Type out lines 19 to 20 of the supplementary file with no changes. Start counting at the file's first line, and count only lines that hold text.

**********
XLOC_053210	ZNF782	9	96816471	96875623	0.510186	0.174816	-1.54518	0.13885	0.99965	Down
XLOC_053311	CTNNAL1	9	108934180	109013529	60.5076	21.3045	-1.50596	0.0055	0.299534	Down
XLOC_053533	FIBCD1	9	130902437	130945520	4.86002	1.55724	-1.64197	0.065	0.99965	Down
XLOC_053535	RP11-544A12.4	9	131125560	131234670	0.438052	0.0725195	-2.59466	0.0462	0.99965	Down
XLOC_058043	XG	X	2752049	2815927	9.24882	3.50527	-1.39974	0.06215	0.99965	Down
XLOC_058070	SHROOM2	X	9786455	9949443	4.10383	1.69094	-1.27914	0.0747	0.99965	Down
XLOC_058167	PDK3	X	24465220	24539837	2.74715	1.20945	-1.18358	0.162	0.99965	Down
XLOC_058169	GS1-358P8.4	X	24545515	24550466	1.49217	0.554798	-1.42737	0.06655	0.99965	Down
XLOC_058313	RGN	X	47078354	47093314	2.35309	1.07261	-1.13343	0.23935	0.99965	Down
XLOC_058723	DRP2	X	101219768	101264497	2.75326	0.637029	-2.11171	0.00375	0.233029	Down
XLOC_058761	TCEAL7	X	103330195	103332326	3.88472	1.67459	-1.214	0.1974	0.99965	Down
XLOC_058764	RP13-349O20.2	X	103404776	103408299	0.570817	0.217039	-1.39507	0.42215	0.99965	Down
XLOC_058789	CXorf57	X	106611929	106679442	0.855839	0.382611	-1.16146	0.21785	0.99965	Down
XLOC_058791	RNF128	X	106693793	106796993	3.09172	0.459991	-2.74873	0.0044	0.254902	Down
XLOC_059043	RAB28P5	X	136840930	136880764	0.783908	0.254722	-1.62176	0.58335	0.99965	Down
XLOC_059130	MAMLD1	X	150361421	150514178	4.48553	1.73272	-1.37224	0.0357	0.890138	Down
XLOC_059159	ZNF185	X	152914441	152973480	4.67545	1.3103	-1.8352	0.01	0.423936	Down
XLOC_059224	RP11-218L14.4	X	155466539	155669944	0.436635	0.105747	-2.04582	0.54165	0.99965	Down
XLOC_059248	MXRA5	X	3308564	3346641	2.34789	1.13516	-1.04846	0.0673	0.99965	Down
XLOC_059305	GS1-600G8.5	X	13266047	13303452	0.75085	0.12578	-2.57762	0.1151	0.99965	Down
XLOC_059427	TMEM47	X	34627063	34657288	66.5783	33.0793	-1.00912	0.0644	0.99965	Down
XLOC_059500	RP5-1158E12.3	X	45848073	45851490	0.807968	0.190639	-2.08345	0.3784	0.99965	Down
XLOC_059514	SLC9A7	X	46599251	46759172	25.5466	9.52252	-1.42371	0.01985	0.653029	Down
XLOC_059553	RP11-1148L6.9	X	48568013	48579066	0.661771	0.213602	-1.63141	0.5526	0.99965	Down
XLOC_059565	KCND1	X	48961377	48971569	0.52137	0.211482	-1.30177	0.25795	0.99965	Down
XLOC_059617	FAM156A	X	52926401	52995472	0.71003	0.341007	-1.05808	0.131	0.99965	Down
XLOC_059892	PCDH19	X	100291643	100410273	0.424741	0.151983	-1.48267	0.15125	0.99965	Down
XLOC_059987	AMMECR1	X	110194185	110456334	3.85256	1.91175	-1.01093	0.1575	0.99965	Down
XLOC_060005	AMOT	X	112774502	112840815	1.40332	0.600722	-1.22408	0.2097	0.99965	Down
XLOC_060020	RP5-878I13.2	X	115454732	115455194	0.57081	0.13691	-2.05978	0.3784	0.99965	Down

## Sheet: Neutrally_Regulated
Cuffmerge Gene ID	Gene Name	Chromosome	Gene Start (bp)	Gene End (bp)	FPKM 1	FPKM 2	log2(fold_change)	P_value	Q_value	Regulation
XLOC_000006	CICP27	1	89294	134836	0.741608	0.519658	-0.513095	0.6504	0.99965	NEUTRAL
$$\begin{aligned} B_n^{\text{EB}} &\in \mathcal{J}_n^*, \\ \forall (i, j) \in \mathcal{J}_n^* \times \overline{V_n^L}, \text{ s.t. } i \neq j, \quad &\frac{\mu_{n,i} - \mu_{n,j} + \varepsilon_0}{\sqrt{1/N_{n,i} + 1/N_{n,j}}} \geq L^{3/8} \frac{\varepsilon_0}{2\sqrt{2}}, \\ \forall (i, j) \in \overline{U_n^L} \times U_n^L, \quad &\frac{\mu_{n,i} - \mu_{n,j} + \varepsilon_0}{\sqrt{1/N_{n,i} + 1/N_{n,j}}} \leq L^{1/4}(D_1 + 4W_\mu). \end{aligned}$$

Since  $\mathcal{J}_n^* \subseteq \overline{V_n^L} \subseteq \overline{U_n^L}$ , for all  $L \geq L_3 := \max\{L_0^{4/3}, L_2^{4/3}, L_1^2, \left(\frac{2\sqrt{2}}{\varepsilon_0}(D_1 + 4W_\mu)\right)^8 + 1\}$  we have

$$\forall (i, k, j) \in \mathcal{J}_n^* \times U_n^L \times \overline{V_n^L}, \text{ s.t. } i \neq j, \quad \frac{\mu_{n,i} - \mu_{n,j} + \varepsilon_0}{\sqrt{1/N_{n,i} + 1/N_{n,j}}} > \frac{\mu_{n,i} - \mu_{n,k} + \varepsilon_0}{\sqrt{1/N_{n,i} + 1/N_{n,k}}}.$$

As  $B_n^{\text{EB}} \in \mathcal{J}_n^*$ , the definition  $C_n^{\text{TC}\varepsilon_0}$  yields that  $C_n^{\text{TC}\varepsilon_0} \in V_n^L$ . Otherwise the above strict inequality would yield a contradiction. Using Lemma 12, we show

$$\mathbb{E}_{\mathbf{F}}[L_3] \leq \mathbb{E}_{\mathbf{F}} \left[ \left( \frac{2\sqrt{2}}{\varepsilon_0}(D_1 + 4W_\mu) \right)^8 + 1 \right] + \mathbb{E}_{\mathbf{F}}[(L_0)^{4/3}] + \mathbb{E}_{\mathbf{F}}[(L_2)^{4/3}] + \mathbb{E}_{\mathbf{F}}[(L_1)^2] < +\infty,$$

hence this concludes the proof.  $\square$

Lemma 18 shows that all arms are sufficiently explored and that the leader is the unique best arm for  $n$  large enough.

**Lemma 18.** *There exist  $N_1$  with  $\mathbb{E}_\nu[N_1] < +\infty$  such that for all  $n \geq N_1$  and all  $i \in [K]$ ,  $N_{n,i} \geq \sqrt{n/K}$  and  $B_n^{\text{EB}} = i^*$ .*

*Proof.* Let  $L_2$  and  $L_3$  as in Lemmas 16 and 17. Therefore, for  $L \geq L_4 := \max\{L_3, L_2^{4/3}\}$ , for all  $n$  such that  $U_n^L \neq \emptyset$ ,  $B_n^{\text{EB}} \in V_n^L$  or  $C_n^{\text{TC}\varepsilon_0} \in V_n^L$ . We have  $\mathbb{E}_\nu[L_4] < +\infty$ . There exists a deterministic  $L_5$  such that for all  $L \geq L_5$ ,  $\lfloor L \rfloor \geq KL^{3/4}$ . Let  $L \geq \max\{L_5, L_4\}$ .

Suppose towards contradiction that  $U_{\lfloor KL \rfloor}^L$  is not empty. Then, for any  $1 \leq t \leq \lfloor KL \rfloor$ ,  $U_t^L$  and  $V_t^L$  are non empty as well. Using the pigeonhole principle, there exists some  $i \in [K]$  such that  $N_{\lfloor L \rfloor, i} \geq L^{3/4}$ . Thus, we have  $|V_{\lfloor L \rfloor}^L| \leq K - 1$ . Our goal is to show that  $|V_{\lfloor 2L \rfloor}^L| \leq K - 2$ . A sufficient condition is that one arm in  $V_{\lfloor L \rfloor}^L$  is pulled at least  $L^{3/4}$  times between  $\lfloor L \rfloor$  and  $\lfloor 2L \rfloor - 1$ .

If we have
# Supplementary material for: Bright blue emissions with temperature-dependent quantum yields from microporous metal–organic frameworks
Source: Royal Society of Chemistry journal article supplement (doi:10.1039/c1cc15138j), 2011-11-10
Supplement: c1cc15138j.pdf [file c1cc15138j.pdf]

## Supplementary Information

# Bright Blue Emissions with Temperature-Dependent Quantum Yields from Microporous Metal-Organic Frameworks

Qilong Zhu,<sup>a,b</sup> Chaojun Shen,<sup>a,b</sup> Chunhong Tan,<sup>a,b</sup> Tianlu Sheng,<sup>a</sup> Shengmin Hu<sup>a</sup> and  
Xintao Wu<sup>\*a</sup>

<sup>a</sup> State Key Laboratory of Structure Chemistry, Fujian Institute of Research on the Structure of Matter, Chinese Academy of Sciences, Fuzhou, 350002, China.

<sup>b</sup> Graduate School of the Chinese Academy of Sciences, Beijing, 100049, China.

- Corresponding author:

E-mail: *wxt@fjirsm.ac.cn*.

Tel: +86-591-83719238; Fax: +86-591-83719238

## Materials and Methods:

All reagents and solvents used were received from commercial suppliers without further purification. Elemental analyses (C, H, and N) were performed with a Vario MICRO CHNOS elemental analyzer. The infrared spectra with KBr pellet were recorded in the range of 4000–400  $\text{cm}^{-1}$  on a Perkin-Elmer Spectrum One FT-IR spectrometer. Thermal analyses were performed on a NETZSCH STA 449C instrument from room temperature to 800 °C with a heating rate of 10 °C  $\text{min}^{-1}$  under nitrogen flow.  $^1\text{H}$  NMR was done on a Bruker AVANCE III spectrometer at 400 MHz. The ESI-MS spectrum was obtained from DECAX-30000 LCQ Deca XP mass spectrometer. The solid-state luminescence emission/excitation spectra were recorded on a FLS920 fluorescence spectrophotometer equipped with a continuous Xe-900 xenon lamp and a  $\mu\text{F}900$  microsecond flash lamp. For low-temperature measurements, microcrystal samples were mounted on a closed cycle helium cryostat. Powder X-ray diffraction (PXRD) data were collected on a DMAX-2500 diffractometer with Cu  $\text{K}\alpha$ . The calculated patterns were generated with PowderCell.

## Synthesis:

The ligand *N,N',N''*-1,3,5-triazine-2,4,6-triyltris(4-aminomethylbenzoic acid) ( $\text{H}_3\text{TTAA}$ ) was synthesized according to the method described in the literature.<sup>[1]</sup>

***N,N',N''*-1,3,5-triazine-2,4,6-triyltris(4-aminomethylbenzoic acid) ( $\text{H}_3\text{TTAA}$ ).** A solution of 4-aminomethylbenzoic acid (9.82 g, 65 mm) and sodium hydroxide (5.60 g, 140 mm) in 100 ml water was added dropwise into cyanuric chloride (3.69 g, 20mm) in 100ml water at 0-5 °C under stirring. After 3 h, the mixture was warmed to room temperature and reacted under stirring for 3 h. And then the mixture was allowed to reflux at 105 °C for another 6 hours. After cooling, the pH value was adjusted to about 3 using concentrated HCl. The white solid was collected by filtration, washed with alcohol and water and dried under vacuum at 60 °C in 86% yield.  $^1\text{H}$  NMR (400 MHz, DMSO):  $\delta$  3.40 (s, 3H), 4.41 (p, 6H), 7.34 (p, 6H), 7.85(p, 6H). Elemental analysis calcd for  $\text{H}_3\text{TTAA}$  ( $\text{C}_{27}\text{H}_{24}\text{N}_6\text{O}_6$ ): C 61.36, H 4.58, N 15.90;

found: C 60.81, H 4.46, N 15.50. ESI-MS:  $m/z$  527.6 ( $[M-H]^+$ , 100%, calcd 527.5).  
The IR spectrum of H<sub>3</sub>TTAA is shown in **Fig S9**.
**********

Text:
XLOC_059248	MXRA5	X	3308564	3346641	2.34789	1.13516	-1.04846	0.0673	0.99965	Down
XLOC_059305	GS1-600G8.5	X	13266047	13303452	0.75085	0.12578	-2.57762	0.1151	0.99965	Down